European Union (EU). The prime minister promised a referendum on this country’s membership of the EU before the end-2017. He knows now this was a mistake. The EU is neither a capitalist conspiracy nor a socialist utopia. Over the next year (or two?) we will be bombarded by ‘facts’, half-truths and lies from both sides of the debate. It has prevented wars on the continent. Soon after its foundation, the EU changed into an economic area and later moved towards political co-operation. The reason for greater politicisation is that the members wished to create a common market to eliminate all barriers to trade. This means there is a need for every company in many countries plays by the same regulations. Politicians set the rules. The Maastricht Treaty was signed in 1992 and created the EU in its present form. Margaret Thatcher led negotiations for the UK. Like all other democratic states there is an executive body (the commission), a legislature (the council and parliament), a judiciary (European Court of Justice) and a central bank (ECB).  Complaints that the EU has a ‘democratic deficit’ have some validity. The European parliament is elected every five years and the council consists of ministers from nationally elected governments. Commissioners are appointed to the only body that can draft legislation for the EU. The Commission has a strong influence on EU’s policies. This has caused critics to say the EU is run by unelected bureaucrats. ‘Brussels made us do it’ is a common explanation of politicians and public servants at home. In reality, the EU hardly ever makes member states do anything. This is not to say the EU would not benefit from reforms. The present procedures were designed for an organisation of 15 states. There are now 28, with an inefficient way of doing politics. The many layers of decision-making bring high costs and complications and avoid clarity on who’s accountable for what. Pieter Cranenbroek reckons our political leaders like things that way.  The EU is top-down, at a time when the world we live in is social and bottom-up.

Pay in 2016.  The Resolution Foundation has concluded that real-time pay will be just 1% higher by December 2016.  This figure is a consequence of the UK’s continuing productivity problem and low inflation for twelve months.  ‘Pay growth in 2016 will ultimately be determined by whether the recent upturn in productivity is enough to offset rising inflation.’ Research by Korn Ferry Hay Group suggests ‘employer optimism’ will permit an increase in wages at 2.3%. Watch the trends. Both ‘experts’ cannot be right.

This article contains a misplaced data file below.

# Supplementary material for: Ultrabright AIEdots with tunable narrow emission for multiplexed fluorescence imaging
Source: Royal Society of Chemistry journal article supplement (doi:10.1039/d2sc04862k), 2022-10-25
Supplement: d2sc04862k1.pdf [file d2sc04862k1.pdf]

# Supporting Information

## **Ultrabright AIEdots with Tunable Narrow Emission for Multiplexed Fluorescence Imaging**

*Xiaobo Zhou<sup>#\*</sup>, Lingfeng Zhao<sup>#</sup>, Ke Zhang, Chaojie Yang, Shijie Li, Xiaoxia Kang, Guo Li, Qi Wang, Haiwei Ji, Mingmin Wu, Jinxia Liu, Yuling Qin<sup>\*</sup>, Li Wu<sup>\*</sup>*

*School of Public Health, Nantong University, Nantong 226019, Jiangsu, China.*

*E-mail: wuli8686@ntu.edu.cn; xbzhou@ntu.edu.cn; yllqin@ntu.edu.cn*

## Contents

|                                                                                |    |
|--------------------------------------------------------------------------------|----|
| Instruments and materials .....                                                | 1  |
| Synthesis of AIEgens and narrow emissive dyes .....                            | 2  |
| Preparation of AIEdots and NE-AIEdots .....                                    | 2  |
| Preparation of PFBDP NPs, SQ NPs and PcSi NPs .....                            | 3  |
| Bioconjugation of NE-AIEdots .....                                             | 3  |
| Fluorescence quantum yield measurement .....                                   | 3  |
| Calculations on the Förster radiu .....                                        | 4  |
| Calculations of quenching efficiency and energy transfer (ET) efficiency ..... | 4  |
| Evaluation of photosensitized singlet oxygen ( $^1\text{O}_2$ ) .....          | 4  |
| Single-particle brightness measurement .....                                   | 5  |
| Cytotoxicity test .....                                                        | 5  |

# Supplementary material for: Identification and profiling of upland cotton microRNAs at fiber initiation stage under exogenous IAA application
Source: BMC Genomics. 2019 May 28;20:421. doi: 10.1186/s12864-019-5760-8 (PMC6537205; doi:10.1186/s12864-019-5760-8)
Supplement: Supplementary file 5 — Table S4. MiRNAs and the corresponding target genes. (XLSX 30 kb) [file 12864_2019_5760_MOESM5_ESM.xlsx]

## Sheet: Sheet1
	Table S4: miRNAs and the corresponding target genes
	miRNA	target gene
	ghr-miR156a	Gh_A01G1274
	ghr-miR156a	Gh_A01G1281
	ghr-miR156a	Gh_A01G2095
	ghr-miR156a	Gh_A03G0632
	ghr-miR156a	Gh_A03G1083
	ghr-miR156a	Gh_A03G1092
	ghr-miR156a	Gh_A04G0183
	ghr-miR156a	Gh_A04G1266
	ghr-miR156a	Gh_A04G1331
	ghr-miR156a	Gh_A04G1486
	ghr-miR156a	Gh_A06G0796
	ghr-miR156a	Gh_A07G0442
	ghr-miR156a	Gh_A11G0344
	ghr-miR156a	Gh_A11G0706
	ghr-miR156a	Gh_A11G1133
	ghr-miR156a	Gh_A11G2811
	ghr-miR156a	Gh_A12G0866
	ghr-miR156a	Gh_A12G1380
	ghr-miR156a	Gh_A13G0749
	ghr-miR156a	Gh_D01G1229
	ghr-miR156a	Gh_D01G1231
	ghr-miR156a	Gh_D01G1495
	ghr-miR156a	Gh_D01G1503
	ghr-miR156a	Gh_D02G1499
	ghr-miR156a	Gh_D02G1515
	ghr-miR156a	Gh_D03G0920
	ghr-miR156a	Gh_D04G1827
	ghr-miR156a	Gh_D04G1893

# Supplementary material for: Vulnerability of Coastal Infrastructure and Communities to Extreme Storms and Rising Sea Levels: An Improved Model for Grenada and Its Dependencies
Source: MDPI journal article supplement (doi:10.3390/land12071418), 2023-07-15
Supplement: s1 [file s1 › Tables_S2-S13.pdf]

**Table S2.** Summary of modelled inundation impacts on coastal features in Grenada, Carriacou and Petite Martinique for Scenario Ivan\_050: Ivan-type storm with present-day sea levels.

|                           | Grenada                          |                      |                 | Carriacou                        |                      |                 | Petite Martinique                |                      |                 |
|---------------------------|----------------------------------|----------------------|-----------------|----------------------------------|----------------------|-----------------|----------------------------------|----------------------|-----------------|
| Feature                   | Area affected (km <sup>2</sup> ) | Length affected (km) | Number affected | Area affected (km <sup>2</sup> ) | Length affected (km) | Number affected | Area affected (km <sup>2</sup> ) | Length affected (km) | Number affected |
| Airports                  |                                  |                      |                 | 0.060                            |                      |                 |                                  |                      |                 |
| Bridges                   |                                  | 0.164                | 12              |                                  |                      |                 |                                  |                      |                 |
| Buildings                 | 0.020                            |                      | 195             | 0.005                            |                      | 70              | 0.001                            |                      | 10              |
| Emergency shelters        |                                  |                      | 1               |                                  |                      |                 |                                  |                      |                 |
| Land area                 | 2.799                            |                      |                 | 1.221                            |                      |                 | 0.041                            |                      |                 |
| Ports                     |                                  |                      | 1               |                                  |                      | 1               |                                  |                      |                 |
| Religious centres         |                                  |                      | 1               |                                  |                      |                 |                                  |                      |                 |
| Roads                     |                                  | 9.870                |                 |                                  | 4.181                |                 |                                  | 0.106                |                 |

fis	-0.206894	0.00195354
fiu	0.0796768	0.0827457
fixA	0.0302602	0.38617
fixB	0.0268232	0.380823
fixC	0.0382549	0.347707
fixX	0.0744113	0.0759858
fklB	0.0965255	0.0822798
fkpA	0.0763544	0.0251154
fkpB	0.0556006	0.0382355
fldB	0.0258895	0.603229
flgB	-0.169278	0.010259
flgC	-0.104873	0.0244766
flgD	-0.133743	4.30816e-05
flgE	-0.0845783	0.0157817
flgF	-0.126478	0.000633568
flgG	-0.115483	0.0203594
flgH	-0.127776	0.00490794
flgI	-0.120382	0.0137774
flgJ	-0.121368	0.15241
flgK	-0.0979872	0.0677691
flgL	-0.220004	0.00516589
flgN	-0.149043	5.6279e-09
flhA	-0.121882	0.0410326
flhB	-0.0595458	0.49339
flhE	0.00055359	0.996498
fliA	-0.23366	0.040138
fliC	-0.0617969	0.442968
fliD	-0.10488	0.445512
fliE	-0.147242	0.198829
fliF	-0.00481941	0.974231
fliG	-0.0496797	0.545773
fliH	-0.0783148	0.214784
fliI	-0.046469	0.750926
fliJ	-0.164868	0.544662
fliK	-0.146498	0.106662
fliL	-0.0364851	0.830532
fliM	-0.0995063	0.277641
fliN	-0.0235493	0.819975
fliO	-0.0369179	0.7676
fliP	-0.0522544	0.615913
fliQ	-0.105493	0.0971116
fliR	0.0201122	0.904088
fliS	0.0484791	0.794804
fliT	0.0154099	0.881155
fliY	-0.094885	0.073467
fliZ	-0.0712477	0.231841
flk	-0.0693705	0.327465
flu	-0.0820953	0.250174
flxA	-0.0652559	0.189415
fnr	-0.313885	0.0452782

Controversial contracts. Zero hours contracts (ZHC) often receive a bad press. However, research by the Chartered Institute of Personnel and Development (CIPD) shows they are more popular with employees than many expectations. The results indicate that 65% of people on ZHCs are either very satisfied or satisfied with their jobs, compared to 63% for all employees. Also, those on ZHCs are more likely to say they have the correct work-life balance and less inclined to feel under excessive pressure at work. The majority of workers on these contracts told the CIPD’s survey that it is their choice to work part-time. Nonetheless, 22% wish to work more hours. The findings will surprise some managers. ZHCs have been linked to work-related stress. Indeed, the government banned exclusivity clauses which had prevented employment with more than one organisation. The CIPD estimates that the number of people on ZHCs will rise to 1.3 million in 2016.

Automation by numbers. Grant Thornton, Deloitte, BBC and HR Magazine have gathered information about the impact of automation on jobs. 35% of workforces in the UK are at risk over the next twenty years. This figure includes: 99% of telephone salespeople, 98.5% of typists or keyboard-related workers and 97.6% of routine inspectors and testers. Those tasks which will change in content but remain in place are: telecommunications engineer (2.5% fewer), midwife (0.8%), nurse (0.9%), publican or manager of licensed premises (0.4%). Occupations paying less than £30,000 a year are five times more likely to be replaced than those at over £100,000. 3.5 million low risk jobs have been created since 2001. 800,000 of those in danger have been lost.  Reason for all this change in forthcoming years?  More accuracy and efficiency (56%), lower long-term costs (53%); greater flexibility in use of resources (49%).

Failure. ‘There is no formula for success.  But there is a formula for failure, and that is trying to please everybody.’ Nicholas Ray, American film director.

Be careful.  ‘Integrity without knowledge is weak and useless, and knowledge without integrity is dangerous and dreadful.’  Samuel Johnson (1709-84). English lexicographer, essayist and poet.

Monday, 4 January 2016

NOW IN 2016